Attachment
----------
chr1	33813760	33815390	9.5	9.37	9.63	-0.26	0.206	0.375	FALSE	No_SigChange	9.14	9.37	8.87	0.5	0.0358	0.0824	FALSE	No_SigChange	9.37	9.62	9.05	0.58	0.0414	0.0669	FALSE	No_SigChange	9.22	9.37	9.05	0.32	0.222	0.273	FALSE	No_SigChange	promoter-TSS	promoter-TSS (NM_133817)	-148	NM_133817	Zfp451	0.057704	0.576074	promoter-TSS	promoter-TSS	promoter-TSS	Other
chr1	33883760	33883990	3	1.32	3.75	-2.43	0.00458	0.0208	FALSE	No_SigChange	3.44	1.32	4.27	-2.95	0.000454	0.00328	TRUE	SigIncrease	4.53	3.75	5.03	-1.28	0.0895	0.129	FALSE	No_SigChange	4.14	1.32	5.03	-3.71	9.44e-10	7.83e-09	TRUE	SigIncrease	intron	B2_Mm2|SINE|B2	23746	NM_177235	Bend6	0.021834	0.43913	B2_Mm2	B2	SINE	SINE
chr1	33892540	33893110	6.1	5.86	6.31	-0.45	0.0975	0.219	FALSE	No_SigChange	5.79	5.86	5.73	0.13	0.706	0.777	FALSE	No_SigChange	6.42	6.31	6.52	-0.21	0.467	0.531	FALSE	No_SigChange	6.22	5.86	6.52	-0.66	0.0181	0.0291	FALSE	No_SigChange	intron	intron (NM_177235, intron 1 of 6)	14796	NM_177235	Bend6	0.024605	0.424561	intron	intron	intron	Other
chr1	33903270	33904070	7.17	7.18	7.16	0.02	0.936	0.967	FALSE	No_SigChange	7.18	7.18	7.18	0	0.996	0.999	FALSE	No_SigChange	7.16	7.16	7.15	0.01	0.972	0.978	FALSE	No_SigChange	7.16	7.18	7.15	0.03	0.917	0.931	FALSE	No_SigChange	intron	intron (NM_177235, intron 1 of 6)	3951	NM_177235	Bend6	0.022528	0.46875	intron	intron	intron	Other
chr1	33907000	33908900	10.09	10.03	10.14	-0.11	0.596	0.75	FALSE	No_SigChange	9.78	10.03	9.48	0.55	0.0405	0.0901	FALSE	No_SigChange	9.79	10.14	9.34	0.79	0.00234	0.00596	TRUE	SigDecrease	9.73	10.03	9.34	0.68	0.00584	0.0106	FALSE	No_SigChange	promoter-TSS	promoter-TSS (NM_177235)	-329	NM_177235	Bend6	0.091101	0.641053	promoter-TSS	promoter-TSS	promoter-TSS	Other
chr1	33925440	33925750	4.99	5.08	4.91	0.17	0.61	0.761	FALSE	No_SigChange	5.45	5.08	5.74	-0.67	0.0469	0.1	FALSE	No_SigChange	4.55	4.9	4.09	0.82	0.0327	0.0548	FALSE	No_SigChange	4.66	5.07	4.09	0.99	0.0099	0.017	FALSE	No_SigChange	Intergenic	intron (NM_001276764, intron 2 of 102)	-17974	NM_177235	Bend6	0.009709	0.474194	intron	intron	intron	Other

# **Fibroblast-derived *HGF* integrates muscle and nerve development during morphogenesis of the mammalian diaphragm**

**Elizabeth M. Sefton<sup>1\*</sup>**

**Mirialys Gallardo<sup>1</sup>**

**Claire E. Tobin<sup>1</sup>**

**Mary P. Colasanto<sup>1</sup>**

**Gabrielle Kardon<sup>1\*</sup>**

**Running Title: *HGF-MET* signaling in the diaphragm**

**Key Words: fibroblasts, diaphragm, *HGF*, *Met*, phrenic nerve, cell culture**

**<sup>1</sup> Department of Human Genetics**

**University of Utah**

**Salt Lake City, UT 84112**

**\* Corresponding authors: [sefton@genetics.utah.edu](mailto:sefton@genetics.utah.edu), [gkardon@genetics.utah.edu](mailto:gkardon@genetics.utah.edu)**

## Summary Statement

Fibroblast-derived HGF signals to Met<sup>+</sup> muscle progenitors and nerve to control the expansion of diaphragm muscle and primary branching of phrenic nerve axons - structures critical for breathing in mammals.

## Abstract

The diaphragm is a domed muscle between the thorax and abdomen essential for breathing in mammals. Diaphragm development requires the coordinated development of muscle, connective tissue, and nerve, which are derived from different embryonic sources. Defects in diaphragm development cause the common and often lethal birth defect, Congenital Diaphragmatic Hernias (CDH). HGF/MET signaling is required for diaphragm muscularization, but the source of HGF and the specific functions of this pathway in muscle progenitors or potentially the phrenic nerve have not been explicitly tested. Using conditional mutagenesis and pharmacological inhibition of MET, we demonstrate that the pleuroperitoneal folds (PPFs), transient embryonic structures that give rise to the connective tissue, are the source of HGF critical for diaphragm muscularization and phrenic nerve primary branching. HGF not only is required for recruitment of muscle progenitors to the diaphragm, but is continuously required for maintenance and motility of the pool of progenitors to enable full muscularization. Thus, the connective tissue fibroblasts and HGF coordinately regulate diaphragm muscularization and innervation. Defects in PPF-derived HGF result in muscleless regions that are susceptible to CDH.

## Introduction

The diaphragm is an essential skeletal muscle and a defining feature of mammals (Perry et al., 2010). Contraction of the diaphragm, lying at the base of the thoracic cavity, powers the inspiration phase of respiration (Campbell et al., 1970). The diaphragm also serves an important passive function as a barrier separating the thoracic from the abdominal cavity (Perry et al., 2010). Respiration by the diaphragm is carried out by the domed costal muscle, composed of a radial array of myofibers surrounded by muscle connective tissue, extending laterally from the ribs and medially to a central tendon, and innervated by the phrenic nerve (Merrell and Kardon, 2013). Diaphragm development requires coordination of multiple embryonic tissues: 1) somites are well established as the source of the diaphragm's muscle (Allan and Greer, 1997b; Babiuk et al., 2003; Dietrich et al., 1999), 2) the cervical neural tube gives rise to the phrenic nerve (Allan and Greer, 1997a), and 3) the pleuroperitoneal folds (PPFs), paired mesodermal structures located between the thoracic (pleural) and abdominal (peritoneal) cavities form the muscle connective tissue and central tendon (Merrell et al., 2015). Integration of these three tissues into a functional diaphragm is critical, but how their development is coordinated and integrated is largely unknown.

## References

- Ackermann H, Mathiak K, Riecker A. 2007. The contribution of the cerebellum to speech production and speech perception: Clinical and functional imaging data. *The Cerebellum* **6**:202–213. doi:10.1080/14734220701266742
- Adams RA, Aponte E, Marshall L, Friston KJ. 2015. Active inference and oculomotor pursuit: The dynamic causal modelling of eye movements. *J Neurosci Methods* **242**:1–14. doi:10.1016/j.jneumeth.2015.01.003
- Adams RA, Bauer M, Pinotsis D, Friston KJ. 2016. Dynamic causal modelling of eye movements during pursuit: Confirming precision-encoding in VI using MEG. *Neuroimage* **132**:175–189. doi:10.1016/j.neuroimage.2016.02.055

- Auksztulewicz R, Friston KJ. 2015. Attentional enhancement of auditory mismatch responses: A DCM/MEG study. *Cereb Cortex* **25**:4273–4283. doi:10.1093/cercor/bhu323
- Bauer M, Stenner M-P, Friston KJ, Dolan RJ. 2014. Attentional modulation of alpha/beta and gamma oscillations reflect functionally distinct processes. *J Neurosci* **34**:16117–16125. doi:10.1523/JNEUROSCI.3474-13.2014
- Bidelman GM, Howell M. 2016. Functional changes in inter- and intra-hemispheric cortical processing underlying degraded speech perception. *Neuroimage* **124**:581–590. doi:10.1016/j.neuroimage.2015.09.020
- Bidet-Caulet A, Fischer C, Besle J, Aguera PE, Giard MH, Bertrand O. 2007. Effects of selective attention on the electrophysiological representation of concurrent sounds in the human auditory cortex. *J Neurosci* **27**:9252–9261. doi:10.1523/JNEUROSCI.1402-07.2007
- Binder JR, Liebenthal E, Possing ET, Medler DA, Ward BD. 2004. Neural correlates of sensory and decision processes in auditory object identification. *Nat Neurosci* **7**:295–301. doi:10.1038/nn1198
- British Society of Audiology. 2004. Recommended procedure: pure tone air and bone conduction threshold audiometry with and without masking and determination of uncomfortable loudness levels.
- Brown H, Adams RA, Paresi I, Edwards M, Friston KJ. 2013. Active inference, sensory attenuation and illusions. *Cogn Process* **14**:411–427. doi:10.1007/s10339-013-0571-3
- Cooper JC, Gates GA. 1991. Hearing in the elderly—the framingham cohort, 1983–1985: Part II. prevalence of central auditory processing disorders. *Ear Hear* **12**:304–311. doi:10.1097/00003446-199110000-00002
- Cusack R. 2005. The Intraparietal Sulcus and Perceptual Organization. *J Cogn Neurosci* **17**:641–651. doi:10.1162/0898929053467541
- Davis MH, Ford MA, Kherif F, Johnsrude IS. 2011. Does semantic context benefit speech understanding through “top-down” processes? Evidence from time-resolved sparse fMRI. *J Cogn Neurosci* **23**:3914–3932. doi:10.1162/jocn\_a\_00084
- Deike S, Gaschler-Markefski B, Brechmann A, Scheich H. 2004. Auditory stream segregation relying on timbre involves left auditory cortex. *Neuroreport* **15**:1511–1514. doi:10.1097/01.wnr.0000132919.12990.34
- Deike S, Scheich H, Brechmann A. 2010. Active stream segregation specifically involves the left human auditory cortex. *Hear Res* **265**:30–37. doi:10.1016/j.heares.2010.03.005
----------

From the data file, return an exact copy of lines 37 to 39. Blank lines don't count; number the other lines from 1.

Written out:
- Cusack R. 2005. The Intraparietal Sulcus and Perceptual Organization. *J Cogn Neurosci* **17**:641–651. doi:10.1162/0898929053467541
- Davis MH, Ford MA, Kherif F, Johnsrude IS. 2011. Does semantic context benefit speech understanding through “top-down” processes? Evidence from time-resolved sparse fMRI. *J Cogn Neurosci* **23**:3914–3932. doi:10.1162/jocn\_a\_00084
- Deike S, Gaschler-Markefski B, Brechmann A, Scheich H. 2004. Auditory stream segregation relying on timbre involves left auditory cortex. *Neuroreport* **15**:1511–1514. doi:10.1097/01.wnr.0000132919.12990.34